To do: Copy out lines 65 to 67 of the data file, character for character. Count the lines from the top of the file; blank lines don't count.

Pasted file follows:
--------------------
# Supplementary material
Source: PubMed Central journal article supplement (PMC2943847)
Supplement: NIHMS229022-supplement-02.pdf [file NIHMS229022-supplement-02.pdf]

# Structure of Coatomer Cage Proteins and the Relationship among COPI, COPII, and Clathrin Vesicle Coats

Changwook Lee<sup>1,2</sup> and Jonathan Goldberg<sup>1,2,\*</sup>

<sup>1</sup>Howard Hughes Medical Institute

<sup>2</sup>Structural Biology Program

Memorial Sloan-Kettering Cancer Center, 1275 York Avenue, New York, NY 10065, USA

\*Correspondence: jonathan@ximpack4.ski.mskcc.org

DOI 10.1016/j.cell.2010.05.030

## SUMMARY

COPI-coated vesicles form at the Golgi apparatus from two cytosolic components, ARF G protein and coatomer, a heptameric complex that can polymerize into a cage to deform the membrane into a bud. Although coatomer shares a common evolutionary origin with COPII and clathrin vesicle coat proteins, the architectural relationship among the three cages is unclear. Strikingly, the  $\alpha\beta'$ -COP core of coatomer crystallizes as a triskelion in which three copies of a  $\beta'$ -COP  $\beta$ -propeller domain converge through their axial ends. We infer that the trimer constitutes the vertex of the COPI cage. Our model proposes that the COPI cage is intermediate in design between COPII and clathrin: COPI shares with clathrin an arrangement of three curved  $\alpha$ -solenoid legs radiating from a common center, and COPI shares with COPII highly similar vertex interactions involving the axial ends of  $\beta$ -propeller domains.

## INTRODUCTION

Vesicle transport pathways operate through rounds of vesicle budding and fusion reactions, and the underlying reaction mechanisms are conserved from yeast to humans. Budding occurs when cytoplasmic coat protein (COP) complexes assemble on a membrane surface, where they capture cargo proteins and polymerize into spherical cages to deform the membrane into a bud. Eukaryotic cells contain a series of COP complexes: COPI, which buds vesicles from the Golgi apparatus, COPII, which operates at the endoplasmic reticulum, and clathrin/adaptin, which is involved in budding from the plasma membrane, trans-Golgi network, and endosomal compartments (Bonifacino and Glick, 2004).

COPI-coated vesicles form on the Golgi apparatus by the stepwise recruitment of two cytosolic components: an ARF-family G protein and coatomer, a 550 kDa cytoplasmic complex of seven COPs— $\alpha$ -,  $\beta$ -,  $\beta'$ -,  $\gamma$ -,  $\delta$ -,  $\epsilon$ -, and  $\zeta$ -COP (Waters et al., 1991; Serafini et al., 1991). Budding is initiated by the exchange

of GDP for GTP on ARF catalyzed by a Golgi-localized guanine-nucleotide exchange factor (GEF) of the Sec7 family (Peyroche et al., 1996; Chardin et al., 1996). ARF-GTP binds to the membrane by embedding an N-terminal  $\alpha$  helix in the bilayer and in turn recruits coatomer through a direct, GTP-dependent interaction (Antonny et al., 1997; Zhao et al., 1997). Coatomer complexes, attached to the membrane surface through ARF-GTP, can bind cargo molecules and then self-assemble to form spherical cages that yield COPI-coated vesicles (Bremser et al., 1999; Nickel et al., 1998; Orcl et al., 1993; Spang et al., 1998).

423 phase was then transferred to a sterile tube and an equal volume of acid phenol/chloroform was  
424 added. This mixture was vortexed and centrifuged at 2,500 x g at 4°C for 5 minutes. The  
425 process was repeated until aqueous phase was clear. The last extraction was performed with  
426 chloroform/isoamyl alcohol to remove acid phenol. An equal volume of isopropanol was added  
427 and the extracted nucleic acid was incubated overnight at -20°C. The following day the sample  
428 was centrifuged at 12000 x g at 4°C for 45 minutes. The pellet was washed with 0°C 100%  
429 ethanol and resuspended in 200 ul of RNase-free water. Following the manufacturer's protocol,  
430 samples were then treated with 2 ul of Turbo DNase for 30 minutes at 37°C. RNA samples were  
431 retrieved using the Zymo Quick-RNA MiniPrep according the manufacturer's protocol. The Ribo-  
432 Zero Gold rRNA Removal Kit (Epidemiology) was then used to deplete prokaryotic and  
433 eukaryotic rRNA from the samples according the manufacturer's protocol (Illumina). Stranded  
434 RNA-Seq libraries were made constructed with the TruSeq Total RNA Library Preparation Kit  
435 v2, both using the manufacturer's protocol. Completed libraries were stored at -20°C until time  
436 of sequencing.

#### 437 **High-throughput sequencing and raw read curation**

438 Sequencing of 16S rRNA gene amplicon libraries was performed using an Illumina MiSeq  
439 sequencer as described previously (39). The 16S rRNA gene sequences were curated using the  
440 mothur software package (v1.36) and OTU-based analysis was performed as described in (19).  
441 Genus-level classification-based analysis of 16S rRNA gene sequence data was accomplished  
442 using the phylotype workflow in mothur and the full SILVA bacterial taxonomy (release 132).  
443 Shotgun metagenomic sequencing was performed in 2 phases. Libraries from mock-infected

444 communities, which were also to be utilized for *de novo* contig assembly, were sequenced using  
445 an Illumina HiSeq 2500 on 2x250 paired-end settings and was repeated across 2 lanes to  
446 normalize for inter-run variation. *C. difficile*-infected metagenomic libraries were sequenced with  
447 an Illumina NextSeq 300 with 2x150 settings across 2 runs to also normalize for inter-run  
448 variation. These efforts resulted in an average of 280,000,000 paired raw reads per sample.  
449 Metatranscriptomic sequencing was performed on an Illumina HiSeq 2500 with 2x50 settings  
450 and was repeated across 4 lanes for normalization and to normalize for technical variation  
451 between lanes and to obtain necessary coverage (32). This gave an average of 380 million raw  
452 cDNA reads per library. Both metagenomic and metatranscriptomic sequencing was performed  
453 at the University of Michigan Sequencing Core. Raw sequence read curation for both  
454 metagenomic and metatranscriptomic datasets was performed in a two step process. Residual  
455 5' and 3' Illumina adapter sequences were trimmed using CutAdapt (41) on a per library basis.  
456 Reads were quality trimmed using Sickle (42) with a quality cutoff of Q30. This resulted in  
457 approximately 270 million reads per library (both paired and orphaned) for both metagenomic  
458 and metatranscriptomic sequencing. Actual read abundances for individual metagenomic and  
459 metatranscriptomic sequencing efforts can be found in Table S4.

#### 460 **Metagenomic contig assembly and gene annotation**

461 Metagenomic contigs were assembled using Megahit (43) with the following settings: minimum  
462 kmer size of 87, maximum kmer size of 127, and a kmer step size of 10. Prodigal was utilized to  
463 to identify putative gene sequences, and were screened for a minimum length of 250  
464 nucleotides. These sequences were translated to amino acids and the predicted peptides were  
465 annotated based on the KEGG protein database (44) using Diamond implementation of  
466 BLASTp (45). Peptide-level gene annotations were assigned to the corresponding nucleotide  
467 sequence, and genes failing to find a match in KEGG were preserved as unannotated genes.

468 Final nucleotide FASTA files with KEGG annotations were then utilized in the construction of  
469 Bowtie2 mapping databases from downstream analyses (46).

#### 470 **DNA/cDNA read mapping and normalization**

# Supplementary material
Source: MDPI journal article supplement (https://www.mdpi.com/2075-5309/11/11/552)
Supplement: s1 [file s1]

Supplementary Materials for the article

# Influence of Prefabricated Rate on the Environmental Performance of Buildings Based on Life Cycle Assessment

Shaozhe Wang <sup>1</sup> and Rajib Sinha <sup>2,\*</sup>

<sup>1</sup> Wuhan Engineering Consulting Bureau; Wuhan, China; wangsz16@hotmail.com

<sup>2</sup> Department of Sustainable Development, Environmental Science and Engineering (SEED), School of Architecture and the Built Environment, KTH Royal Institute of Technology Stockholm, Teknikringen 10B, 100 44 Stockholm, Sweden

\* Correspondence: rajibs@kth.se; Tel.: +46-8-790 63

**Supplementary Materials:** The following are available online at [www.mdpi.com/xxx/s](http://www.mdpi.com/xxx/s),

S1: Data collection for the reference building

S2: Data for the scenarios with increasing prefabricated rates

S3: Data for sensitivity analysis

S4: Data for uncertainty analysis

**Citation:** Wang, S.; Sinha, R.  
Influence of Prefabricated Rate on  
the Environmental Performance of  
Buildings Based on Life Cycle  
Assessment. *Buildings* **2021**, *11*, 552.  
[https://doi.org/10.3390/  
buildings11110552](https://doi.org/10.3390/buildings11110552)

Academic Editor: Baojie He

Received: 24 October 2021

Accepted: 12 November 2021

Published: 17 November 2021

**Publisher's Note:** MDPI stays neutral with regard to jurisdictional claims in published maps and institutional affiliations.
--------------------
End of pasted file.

# Supplementary material
Source: MDPI journal article supplement (https://www.mdpi.com/2075-5309/11/11/552)
Supplement: s1 [file s1]